View Full Version : Suspensions likely coming for repeat flagrant hit offenders

03-16-2011, 12:16 PM
NFL talks hits, potential rules changes
ESPN.com news services
Updated: March 16, 2011, 11:48 AM ET

The NFL will be more aggressive in suspending players next season for illegal hits, and also could make changes to instant replay and kickoffs.

Ray Anderson, the league's chief disciplinarian, said Wednesday during a conference call that repeat offenders or players committing flagrant illegal hits will have a much greater chance of being suspended during the 2011 season.

No suspensions were handed down in 2010 even after the NFL's crackdown on such hits, in part because "we were operating under the principle unless you have given sufficient advance notice of what the results could be, you need to be more lenient."

The league's competition committee will propose at next week's owners meetings moving the kickoff up to the 35-yard line and bringing a touchback out to the 25. It also will propose making all scoring plays reviewable by the replay official.

In addition, the full NFL schedule will be released in April as scheduled, regardless of the lockout.

Information from The Associated Press was used in this report.


03-16-2011, 12:44 PM
Here's another article on that RB,...it's funny that PFT also included a pic of Harrison with their article. :wft

http://profootballtalk.nbcsports.com/20 ... spensions/ (http://profootballtalk.nbcsports.com/2011/03/16/flagrant-hits-on-defenseless-players-will-result-in-suspensions/)

Flagrant hits on defenseless players will result in suspensions

Posted by Michael David Smith on March 16, 2011, 11:27 AM EDT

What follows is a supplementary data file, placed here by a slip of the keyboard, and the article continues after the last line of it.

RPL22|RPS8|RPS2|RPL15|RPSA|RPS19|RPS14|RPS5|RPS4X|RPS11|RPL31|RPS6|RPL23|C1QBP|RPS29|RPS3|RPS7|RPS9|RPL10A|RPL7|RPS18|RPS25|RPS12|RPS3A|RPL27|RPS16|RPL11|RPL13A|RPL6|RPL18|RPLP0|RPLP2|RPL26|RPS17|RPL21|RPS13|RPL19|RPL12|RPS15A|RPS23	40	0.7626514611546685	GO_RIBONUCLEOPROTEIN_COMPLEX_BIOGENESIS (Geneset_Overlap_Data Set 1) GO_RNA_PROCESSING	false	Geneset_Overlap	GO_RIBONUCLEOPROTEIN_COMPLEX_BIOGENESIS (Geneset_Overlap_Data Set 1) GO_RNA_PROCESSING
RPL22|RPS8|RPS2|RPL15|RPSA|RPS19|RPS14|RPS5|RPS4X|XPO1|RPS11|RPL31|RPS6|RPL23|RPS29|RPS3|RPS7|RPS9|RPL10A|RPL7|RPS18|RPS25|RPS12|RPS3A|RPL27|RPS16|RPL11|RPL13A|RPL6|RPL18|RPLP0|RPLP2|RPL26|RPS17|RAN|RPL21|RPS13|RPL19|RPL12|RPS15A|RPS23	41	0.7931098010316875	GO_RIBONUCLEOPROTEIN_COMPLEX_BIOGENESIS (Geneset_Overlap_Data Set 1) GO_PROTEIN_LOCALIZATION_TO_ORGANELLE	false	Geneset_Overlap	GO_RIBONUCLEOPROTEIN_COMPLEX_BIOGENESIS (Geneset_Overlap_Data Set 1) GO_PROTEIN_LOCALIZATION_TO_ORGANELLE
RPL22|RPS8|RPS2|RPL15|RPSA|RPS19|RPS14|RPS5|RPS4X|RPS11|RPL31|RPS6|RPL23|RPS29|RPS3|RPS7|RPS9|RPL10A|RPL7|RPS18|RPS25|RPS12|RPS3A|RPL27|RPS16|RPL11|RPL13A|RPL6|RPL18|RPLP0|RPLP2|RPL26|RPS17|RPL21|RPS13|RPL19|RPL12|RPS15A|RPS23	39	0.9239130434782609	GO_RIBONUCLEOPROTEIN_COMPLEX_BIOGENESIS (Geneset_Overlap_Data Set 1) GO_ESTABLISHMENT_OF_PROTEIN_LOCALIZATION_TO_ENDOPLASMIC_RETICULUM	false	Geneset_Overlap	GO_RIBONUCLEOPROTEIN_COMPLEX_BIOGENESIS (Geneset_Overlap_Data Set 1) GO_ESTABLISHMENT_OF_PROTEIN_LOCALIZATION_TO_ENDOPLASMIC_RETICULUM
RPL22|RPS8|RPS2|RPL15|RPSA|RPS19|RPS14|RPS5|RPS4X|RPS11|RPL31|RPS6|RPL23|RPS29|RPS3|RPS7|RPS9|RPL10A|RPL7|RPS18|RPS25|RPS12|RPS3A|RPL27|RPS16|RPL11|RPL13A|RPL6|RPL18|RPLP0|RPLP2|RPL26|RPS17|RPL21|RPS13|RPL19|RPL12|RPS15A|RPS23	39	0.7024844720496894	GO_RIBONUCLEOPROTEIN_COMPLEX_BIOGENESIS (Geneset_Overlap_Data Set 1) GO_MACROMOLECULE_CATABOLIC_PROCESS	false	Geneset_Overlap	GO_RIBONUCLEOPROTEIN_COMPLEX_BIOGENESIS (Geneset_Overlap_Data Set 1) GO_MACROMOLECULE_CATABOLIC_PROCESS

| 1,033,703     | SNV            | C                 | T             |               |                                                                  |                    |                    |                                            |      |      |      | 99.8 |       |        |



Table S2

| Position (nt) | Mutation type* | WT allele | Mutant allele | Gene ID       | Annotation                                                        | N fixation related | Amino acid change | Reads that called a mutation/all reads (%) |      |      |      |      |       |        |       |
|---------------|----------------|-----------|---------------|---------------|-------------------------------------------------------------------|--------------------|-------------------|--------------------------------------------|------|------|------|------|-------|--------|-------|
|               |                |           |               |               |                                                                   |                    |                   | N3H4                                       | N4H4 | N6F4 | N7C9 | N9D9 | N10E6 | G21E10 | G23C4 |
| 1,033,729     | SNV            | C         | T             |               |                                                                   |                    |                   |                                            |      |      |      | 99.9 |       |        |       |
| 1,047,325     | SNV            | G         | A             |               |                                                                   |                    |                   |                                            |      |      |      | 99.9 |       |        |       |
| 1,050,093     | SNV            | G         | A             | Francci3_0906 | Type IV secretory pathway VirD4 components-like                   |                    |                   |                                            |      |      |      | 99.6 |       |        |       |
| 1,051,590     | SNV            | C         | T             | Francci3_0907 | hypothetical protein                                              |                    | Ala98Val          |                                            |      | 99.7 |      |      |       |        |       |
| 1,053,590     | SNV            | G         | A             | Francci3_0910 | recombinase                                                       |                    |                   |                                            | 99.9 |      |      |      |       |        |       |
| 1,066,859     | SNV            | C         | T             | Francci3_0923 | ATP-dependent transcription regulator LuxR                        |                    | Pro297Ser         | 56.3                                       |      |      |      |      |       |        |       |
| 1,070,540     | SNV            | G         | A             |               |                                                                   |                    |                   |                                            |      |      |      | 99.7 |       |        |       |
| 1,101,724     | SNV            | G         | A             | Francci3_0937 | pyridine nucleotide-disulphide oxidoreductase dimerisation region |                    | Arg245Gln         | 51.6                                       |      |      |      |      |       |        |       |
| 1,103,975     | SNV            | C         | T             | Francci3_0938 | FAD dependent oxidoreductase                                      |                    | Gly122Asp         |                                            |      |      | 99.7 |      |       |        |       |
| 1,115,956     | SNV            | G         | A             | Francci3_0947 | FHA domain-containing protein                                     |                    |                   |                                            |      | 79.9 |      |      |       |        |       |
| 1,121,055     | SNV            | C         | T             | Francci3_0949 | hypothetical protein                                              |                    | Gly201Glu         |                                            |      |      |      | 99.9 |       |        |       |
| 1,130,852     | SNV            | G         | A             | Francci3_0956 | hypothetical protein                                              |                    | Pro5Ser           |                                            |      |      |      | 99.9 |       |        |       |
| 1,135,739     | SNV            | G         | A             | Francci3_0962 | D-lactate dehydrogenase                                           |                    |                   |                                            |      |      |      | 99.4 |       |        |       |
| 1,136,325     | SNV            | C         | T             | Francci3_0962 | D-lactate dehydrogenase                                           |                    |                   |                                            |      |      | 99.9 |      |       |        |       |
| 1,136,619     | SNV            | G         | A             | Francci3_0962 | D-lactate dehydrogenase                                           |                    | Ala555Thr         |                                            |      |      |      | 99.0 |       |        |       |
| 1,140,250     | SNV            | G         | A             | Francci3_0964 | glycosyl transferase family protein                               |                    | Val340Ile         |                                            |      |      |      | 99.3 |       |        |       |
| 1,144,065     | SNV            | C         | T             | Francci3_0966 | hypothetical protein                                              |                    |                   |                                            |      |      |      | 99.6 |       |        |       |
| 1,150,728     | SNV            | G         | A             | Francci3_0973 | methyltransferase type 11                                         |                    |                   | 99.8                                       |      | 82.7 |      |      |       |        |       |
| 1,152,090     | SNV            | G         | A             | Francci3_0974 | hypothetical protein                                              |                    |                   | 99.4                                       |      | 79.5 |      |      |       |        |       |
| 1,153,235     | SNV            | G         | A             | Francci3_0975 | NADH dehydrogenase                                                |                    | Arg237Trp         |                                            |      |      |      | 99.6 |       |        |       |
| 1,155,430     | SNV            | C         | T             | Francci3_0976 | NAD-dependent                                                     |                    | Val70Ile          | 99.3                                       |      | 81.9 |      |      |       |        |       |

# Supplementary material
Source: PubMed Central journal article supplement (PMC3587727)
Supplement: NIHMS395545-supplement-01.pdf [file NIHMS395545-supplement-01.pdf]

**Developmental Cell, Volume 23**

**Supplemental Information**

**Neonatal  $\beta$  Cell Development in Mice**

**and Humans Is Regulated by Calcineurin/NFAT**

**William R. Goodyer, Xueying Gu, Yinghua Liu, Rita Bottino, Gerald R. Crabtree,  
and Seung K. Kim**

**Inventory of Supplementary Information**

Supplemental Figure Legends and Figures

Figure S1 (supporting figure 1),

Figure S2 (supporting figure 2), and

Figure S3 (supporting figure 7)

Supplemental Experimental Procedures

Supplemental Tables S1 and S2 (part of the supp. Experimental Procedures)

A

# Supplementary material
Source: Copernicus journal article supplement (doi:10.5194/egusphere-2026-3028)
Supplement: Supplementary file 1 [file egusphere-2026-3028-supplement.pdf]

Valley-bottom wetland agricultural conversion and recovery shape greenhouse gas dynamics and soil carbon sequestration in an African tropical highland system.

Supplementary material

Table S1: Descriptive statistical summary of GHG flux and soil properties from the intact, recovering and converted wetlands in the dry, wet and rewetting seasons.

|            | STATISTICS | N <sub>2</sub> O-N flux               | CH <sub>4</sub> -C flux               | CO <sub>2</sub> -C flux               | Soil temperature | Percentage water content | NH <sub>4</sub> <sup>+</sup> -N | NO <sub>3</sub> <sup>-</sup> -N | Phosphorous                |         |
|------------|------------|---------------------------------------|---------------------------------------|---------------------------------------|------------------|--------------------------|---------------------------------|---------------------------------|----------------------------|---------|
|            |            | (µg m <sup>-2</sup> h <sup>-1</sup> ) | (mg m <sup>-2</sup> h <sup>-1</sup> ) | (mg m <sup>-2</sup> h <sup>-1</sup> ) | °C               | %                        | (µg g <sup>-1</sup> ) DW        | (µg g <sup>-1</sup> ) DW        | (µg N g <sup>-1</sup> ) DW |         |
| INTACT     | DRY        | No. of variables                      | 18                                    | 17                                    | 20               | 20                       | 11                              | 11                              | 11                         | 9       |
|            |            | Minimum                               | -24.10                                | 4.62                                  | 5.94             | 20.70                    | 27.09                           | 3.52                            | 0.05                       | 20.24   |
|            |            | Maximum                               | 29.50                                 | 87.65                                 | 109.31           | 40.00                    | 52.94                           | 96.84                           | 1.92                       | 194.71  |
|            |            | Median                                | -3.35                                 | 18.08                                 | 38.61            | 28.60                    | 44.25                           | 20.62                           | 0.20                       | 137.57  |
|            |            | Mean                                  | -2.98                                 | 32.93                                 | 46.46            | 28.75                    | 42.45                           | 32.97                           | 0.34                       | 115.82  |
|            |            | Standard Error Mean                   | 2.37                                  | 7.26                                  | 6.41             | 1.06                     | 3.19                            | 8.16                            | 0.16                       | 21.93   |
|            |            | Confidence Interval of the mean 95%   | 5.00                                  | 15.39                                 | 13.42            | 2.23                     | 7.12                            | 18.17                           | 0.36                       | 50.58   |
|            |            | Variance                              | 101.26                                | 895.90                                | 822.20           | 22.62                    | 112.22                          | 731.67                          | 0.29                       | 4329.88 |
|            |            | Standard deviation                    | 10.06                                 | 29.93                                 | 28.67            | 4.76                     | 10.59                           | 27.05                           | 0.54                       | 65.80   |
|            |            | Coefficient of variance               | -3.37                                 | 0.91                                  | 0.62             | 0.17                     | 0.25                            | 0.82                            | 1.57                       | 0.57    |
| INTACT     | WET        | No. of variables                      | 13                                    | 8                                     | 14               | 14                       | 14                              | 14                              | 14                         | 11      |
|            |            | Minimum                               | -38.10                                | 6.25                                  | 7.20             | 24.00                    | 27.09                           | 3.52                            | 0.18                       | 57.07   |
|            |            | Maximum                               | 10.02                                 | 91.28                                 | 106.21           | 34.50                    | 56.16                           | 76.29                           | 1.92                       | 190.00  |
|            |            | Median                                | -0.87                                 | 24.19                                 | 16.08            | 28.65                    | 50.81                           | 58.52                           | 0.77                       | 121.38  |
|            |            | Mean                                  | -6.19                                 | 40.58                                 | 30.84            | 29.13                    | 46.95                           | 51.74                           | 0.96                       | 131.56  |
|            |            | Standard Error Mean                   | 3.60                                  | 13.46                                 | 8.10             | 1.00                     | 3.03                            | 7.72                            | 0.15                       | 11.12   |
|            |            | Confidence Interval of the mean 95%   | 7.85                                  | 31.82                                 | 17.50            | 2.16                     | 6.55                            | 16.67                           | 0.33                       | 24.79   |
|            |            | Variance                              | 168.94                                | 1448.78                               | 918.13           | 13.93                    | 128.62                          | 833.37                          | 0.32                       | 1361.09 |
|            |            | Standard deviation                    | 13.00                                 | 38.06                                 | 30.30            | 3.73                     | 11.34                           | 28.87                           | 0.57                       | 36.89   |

The NFL Competition Committee wants to put players on notice: The league plans to get even more stringent in protecting defenseless players — and suspending players who take cheap shots at their opponent.

Competition Committee Chair Rich McKay and NFL Executive V.P. of Football Operations Ray Anderson both stressed on a media conference call today that they’re recommending that the owners get even tougher with hits on defenseless players. That includes expanding the definition of what constitutes a “defenseless” player, and suspending players for particularly egregious hits.

“When warranted, suspensions will be an effective discipline for us. We don’t want to go there but we will do that,” Anderson said. “We need to be aggressive in disciplining.”

Although no individual players were mentioned by name, it’s clear that repeat offenders, like Steelers linebacker James Harrison, are going to get particular scrutiny.

“In 2011, if there are repeat offenders or flagrant violators, we are going to hold them aggressively accountable, even if it means suspension — some folks believe that suspension is the real messenger in terms of serious enforcement,” Anderson said. “Some of the hits we had this year, particularly if it’s a repeat offender, that person and that club should know that having that person sit out a game — or multiple games in certain circumstances — is very much on the table.”

McKay said that when the Competition Committee met recently, “Much of the focus was on the safety rules.” In particular, the Committee is recommending that the owners vote next week on an expansion of the defenseless player rule to protect quarterbacks in the process of passing, receivers in the process of catching, runners who are already in the grasp of a tackler, returners fielding a kick, players on the ground at the end of a play, kickers and punters, quarterbacks at any time after a change of possession, and players who get hit by blindside blocks.

The Committee also wants to emphasize the prohibition on launching, which it defines as players leaving their feet, springing forward and hitting an opponent with his helmet or facemask.

Owners are expected to approve the Competition Committee’s recommendations at next week’s league meeting.

03-16-2011, 01:00 PM
The problem is that the league is not consistent or even good at determining what is considered FLAGRANT.